An Eternal Malleability – Brooklyn Mass Timber by Schiller Projects
Brooklyn Mass Timber by Schiller Projects is a family home located just outside Manhattan, in Clinton Hill. Contained within one of the city’s coveted 1800s carriage houses (a type of heritage brick building originally constructed for horses and carts), this project is a powerful paradigm for sustainable design and construction. Not only does it test the bounds of adaptive re-use, but it is also the first mass timber single family residence in New York City, simultaneously setting an important precedence for housing in urban environments and exploring the potential of this environmentally conscious construction method.
As Schiller Projects Founder Aaron Schiller’s own home, which he shares with his wife, Anna, and two young children, the project was an experimental labour of love. However, Aaron and Schiller Projects’s Partner and Studio Director Colin Cleland’s intentions were clearly defined from the outset. They sought to use a carriage house as the vessel for a radical project employing mass timber or, more specifically, glue laminated timber, as the primary construction material. As Aaron explains, “Brooklyn’s famous brownstones are all built of wood, which prevents structural innovation, whereas carriage houses are old brick buildings with freestanding walls.” He adds, “we needed that native structure so that we could work with mass timber, add additional storeys and open it up to achieve the kind of volumetric light and air that I think is typical of our designs.”
While the brick structure provided the all-important foundations, mass timber is the bedrock of this narrative. The building’s newly inserted frame, structural floor and staircase are all mass timber components prefabricated locally from Douglas fir. Not only does this champion the use of a renewable, low embodied carbon building material in a domestic setting, these elements are designed to be disassembled with zero waste. As Aaron says, the staircase could be “unbolted and the parts carried out the front door by two carpenters.” Colin adds that, importantly, the project “is a prototype” in response to the current and widespread housing and environmental crises. “It’s rethinking how you can modify an existing masonry shell – historic or not – and how we can potentially replicate or extrapolate this model for infill housing at a larger scale.”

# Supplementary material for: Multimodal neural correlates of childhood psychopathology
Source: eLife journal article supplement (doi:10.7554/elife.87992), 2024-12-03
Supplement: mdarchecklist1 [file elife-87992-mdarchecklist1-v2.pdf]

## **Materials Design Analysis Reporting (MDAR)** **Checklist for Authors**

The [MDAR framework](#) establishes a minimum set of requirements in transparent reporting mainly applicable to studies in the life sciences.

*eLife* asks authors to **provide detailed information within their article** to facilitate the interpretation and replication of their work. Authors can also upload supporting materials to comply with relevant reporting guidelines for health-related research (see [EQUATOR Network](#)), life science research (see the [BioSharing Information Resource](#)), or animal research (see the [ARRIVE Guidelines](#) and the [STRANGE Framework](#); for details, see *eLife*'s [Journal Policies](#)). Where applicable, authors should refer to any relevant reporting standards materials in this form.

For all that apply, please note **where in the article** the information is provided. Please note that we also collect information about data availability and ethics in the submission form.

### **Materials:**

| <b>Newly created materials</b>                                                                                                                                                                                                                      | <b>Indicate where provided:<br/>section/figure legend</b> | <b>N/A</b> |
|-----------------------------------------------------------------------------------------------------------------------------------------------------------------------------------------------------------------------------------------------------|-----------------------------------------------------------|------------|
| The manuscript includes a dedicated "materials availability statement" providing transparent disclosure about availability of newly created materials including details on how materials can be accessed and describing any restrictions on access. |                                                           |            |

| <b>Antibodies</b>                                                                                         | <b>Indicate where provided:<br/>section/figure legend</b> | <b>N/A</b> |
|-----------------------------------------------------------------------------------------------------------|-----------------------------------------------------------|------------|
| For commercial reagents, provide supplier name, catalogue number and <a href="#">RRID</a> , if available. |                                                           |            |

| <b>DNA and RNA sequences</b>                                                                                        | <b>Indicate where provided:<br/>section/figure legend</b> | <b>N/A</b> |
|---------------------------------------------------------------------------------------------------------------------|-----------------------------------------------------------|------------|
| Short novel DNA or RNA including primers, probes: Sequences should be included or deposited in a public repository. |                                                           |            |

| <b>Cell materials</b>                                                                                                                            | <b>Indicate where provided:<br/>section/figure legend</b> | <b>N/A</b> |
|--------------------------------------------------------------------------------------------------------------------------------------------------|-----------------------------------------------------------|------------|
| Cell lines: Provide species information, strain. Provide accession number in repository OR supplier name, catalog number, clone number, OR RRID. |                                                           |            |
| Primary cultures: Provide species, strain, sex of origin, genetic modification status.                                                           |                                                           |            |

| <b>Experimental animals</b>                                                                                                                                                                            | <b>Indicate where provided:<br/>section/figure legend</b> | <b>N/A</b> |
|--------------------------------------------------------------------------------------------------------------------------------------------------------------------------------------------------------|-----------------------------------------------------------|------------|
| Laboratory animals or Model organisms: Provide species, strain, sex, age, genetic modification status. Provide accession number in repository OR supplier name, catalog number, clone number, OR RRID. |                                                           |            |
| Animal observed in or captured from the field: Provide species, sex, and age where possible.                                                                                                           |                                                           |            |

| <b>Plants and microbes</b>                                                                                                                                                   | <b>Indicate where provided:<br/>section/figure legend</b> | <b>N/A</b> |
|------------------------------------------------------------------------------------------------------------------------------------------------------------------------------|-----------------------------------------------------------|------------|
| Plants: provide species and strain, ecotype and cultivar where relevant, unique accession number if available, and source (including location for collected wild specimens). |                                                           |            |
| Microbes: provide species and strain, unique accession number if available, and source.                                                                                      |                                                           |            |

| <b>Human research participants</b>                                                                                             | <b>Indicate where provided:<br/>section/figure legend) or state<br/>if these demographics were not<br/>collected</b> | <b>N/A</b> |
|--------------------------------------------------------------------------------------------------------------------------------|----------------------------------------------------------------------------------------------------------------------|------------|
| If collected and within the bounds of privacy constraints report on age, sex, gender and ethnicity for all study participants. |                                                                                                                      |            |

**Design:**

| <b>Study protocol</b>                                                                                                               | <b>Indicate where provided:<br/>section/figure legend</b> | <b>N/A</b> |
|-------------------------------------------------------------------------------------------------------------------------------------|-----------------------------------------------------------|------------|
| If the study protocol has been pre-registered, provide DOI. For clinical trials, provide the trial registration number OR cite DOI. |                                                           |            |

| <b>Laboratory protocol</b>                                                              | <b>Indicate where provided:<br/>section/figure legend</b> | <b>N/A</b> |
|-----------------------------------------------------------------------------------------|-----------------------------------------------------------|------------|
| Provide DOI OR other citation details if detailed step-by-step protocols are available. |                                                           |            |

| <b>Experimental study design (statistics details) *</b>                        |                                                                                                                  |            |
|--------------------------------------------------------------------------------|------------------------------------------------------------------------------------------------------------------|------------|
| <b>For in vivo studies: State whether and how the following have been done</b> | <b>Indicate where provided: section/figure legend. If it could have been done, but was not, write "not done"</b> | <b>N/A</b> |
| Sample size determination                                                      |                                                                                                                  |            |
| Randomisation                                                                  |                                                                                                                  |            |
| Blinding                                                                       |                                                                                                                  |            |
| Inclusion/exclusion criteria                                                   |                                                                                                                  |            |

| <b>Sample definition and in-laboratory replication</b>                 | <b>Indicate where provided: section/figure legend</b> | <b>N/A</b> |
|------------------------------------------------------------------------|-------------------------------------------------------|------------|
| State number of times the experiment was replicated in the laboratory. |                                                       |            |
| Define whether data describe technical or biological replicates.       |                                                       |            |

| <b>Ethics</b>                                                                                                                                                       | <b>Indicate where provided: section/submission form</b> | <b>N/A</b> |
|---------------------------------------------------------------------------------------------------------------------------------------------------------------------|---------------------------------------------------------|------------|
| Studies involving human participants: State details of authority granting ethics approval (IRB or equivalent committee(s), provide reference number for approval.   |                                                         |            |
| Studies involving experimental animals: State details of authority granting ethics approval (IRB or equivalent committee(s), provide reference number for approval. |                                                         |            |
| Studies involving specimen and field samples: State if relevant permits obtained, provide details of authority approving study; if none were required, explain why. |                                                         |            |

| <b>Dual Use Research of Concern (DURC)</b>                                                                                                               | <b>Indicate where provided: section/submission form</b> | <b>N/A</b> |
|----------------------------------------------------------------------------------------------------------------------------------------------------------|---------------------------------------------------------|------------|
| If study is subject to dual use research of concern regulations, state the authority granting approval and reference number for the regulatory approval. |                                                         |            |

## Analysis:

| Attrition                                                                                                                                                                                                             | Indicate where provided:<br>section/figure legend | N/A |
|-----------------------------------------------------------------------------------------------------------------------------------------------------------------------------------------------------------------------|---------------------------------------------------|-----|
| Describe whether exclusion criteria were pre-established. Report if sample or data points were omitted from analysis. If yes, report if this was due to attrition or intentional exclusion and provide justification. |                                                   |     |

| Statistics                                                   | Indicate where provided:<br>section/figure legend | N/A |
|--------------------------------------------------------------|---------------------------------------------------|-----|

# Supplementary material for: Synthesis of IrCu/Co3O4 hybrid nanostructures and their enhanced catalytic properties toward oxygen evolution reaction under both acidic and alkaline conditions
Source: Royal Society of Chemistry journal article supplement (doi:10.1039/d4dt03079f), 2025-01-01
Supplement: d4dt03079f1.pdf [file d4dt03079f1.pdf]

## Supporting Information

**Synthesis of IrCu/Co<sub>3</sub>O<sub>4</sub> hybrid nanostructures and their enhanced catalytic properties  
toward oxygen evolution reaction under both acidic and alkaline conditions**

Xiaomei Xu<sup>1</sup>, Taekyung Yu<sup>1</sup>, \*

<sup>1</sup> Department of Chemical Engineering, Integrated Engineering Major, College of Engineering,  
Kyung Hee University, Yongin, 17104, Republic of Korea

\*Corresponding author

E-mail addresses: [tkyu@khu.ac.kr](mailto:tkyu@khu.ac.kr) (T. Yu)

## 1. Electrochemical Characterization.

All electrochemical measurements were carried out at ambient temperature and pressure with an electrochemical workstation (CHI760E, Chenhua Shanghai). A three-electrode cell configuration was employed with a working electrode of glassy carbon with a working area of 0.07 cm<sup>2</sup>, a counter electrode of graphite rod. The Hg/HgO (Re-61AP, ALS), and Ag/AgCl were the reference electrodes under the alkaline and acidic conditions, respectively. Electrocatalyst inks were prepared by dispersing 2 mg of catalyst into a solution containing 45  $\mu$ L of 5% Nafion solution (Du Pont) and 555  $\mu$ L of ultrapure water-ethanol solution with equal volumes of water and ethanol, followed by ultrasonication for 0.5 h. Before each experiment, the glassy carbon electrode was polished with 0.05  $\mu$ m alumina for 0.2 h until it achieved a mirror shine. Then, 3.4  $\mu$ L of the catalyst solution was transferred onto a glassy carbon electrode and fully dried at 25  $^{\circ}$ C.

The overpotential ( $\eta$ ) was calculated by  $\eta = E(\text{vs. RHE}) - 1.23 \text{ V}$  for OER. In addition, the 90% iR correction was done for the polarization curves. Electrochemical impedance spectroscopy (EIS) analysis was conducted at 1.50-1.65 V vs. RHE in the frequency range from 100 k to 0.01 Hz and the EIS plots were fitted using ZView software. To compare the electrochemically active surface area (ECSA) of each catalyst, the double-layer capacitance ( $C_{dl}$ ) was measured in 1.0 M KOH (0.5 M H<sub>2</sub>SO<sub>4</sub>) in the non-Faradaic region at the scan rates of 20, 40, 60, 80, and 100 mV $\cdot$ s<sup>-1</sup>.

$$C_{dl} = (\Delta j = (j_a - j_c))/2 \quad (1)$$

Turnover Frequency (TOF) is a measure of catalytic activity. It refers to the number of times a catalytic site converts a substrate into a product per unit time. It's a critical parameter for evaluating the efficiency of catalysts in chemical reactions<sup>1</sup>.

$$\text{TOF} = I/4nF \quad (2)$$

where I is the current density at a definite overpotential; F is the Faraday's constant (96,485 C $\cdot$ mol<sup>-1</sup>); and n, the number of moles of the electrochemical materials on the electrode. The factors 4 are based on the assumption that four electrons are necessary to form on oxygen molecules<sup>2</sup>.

The extent of this innovation is barely perceptible from the street. First impressions are of a grand and neatly restored red brick façade featuring characterful, timber framed arched windows with black trims. Given its location within a historic district, the façade is protected under a landmark preservation scheme (governed by a commission that, interestingly, only came into effect in the 1960s following the untimely destruction of the former Pennsylvania Station – a building Aaron likens to the city’s famed Grand Central Terminal in terms of architectural significance), and as such, the intention was for a sympathetic gesture in keeping with the vernacular.
The bespoke nature of this outcome speaks to Fisher & Paykel’s design flexibility, which is also reflected in its considered detailing and integration capabilities.
Inside, the impressive extent of Schiller Projects’s response is gradually revealed. The sculptural staircase corkscrews through the centre of the home, and a Japanese maple is planted at its base. Bathed in dappled rays from the skylight above, it nods to the studio’s affinity for biophilic design principles and helps to defy the challenges typically associated with carriage houses by bringing natural light and greenery deep into the plan. The kitchen and dining table open onto a courtyard at the rear, and the negative space around these elements gives the staircase and maple room to exist.